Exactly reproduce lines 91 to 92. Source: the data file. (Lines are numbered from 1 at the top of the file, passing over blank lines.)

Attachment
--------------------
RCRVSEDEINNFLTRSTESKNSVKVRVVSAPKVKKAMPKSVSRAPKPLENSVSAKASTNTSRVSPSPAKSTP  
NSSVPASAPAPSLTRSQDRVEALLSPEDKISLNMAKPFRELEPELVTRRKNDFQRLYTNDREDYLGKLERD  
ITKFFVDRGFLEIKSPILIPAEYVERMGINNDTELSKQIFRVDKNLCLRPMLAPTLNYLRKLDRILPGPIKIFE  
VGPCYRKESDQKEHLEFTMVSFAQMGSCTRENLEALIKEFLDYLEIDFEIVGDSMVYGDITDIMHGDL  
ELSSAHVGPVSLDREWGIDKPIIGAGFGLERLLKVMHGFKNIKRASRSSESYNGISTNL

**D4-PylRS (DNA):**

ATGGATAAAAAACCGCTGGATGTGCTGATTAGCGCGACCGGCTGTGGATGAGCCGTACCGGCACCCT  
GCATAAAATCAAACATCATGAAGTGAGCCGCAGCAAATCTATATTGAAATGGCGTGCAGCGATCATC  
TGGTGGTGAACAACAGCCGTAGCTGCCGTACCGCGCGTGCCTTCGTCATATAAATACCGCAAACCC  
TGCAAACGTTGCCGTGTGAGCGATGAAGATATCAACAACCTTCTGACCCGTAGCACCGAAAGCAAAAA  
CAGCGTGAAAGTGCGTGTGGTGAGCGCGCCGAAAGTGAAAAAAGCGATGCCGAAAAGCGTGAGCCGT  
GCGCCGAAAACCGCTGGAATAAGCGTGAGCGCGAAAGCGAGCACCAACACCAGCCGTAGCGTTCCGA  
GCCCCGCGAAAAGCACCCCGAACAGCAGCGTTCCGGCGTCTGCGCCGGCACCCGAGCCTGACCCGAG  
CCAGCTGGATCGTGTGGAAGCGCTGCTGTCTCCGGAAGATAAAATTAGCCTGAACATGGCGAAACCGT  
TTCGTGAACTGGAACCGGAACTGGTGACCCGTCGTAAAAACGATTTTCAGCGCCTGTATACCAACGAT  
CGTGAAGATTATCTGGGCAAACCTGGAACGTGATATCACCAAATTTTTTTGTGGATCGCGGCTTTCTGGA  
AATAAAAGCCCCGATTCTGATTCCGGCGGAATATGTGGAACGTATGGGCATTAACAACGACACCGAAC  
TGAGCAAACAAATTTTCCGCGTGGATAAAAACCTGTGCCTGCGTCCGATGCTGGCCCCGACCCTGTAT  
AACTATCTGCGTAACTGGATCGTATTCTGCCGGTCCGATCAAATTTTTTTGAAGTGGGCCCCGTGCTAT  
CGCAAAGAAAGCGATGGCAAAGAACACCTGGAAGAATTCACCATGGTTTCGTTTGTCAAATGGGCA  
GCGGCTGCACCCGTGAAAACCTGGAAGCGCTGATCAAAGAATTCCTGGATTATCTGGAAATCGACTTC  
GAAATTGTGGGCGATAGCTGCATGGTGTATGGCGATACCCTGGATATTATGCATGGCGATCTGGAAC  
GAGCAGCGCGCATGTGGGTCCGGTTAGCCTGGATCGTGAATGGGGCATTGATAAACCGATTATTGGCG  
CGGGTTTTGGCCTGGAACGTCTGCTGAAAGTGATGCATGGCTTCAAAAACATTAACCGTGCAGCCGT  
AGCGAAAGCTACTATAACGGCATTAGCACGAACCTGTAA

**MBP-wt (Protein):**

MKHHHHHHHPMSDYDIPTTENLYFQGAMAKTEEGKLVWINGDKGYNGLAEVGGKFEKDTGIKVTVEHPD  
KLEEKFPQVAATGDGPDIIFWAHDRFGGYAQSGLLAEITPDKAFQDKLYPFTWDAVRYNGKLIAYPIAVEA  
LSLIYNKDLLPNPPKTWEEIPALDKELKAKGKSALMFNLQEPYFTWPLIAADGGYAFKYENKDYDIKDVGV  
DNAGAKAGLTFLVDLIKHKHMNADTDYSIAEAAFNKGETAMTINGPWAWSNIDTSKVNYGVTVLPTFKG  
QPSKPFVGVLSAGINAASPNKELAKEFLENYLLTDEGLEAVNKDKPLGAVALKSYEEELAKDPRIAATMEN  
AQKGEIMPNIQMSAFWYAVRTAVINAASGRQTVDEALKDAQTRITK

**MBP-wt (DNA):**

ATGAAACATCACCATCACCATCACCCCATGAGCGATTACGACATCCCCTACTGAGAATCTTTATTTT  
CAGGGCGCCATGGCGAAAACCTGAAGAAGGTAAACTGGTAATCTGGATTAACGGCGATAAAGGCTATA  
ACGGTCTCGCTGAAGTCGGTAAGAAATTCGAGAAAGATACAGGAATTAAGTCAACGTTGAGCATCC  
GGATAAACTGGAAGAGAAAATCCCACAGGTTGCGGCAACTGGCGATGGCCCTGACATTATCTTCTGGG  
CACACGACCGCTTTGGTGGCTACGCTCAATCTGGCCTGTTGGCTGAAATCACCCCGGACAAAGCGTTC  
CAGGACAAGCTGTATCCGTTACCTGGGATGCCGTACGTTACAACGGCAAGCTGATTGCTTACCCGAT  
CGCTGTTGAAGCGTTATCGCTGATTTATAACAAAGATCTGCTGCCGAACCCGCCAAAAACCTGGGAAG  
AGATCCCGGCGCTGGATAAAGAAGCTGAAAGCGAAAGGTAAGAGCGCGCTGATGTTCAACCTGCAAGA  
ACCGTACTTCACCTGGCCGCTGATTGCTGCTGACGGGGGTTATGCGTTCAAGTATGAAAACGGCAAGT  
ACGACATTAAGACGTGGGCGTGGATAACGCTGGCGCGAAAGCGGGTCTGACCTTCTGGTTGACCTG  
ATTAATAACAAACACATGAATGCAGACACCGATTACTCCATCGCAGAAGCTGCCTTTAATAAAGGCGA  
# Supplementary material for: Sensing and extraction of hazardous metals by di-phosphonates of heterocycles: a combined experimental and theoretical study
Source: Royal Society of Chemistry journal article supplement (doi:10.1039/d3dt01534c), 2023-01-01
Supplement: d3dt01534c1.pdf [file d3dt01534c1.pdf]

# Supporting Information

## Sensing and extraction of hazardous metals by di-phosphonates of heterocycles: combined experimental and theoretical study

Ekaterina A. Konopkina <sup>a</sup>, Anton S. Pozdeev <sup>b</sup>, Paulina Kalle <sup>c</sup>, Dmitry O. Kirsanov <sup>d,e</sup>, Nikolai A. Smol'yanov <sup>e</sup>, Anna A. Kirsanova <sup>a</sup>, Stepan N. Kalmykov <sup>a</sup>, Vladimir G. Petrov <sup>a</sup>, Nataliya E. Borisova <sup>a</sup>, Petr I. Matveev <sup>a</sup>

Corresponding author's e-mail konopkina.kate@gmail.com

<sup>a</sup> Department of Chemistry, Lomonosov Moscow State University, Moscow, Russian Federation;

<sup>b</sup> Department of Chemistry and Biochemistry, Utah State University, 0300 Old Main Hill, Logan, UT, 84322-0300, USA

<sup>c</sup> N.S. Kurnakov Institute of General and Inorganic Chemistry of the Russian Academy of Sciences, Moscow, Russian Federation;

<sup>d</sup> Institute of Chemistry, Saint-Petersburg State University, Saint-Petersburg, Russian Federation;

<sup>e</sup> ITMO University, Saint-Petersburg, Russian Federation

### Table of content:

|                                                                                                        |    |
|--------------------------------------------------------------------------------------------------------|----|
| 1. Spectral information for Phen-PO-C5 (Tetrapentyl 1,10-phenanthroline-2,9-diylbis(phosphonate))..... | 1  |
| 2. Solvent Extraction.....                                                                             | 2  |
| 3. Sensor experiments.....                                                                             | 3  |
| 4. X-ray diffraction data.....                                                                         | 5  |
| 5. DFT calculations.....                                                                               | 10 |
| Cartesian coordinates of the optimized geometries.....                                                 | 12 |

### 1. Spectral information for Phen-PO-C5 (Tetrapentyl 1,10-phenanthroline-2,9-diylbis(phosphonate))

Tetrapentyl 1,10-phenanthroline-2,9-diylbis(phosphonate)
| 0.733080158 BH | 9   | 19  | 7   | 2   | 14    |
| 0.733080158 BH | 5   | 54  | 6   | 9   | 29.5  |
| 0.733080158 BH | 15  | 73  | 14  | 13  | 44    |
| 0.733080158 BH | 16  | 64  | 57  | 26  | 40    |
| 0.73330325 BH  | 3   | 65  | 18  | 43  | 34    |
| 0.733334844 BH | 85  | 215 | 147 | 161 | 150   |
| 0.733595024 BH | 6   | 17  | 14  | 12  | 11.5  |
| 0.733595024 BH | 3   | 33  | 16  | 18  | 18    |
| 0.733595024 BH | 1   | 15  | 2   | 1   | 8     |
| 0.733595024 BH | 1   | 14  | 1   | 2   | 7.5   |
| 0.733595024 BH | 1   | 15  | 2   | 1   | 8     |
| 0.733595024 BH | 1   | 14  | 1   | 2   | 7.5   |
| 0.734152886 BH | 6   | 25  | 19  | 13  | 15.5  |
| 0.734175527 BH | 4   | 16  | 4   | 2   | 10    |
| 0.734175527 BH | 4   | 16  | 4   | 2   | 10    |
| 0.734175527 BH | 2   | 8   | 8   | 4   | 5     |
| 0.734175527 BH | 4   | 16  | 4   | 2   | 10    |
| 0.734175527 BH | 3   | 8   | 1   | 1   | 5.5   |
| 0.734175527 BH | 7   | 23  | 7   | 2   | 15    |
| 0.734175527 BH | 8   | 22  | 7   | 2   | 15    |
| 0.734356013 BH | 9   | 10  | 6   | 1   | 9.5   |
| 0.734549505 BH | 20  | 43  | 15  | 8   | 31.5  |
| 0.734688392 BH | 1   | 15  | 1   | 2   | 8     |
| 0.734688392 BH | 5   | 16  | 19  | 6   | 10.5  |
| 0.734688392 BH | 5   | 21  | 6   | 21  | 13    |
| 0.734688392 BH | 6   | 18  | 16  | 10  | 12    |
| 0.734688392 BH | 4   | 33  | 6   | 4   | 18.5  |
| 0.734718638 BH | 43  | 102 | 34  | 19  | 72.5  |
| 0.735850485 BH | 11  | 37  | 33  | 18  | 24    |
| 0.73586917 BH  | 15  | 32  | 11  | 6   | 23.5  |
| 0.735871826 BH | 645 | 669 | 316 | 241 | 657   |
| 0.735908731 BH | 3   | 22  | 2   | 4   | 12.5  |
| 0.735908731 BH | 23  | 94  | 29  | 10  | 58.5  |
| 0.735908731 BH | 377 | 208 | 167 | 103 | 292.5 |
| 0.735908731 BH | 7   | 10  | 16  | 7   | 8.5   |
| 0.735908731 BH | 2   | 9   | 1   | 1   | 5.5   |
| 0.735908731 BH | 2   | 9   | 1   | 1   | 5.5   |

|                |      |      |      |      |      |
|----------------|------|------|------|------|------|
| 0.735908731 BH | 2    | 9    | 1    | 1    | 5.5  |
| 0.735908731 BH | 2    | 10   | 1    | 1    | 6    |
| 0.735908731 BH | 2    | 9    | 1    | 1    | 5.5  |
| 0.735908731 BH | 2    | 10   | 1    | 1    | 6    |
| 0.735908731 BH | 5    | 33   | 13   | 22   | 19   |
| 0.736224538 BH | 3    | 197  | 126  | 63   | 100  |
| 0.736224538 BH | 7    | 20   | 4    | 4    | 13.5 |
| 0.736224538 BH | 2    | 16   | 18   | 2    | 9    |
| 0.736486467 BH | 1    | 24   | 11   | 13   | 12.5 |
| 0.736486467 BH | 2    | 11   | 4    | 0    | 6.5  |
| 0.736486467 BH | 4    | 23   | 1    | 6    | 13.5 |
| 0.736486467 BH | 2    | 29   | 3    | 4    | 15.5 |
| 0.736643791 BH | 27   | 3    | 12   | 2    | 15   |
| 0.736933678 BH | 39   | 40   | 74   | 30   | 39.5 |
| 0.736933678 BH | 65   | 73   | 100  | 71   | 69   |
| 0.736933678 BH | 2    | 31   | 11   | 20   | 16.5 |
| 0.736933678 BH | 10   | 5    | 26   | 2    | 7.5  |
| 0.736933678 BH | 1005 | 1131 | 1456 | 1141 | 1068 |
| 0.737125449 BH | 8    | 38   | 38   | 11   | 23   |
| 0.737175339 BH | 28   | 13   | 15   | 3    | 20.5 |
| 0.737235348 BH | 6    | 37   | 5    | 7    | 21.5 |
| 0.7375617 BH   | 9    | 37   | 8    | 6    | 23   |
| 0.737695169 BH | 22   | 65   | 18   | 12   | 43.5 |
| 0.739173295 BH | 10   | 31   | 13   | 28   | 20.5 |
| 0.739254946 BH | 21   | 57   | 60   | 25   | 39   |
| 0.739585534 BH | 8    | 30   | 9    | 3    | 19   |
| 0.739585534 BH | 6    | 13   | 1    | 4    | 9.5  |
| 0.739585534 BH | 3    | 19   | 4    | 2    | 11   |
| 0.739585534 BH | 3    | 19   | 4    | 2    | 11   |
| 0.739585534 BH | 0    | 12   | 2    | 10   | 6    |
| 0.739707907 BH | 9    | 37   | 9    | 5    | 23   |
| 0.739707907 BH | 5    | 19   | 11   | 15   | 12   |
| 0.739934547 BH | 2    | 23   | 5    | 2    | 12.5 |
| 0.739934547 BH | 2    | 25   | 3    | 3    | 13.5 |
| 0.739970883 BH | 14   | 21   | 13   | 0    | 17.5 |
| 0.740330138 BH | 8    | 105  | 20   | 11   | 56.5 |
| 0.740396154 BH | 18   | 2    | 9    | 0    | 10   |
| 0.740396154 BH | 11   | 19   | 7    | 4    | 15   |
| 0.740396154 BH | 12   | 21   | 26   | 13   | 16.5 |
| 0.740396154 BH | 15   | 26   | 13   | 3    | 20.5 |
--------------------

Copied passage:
| 0.734688392 BH | 5   | 16  | 19  | 6   | 10.5  |
| 0.734688392 BH | 5   | 21  | 6   | 21  | 13    |